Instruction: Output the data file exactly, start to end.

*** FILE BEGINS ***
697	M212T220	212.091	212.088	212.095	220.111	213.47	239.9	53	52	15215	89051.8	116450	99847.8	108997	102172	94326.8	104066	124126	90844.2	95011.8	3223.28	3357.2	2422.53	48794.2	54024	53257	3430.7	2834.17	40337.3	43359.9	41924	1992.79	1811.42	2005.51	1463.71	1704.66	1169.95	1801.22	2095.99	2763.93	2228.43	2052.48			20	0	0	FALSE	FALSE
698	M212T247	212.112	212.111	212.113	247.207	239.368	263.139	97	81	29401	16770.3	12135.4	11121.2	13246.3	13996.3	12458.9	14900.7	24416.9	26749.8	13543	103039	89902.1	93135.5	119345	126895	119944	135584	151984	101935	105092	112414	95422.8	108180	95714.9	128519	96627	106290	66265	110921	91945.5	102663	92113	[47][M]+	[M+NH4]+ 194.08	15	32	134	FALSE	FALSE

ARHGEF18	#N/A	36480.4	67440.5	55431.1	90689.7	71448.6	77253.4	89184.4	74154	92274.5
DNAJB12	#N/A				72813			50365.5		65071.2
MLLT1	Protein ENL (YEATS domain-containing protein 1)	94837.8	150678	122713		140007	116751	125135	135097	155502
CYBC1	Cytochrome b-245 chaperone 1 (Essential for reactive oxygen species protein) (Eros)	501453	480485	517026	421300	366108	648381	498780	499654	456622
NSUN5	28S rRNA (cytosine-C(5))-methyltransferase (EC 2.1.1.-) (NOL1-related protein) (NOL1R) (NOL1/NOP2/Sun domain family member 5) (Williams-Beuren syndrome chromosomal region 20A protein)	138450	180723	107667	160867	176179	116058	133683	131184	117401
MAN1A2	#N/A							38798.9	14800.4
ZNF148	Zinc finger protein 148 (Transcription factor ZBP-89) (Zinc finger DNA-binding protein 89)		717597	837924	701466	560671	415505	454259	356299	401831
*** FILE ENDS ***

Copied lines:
697	M212T220	212.091	212.088	212.095	220.111	213.47	239.9	53	52	15215	89051.8	116450	99847.8	108997	102172	94326.8	104066	124126	90844.2	95011.8	3223.28	3357.2	2422.53	48794.2	54024	53257	3430.7	2834.17	40337.3	43359.9	41924	1992.79	1811.42	2005.51	1463.71	1704.66	1169.95	1801.22	2095.99	2763.93	2228.43	2052.48			20	0	0	FALSE	FALSE
698	M212T247	212.112	212.111	212.113	247.207	239.368	263.139	97	81	29401	16770.3	12135.4	11121.2	13246.3	13996.3	12458.9	14900.7	24416.9	26749.8	13543	103039	89902.1	93135.5	119345	126895	119944	135584	151984	101935	105092	112414	95422.8	108180	95714.9	128519	96627	106290	66265	110921	91945.5	102663	92113	[47][M]+	[M+NH4]+ 194.08	15	32	134	FALSE	FALSE

ARHGEF18	#N/A	36480.4	67440.5	55431.1	90689.7	71448.6	77253.4	89184.4	74154	92274.5
DNAJB12	#N/A				72813			50365.5		65071.2
MLLT1	Protein ENL (YEATS domain-containing protein 1)	94837.8	150678	122713		140007	116751	125135	135097	155502
CYBC1	Cytochrome b-245 chaperone 1 (Essential for reactive oxygen species protein) (Eros)	501453	480485	517026	421300	366108	648381	498780	499654	456622
NSUN5	28S rRNA (cytosine-C(5))-methyltransferase (EC 2.1.1.-) (NOL1-related protein) (NOL1R) (NOL1/NOP2/Sun domain family member 5) (Williams-Beuren syndrome chromosomal region 20A protein)	138450	180723	107667	160867	176179	116058	133683	131184	117401
MAN1A2	#N/A							38798.9	14800.4
ZNF148	Zinc finger protein 148 (Transcription factor ZBP-89) (Zinc finger DNA-binding protein 89)		717597	837924	701466	560671	415505	454259	356299	401831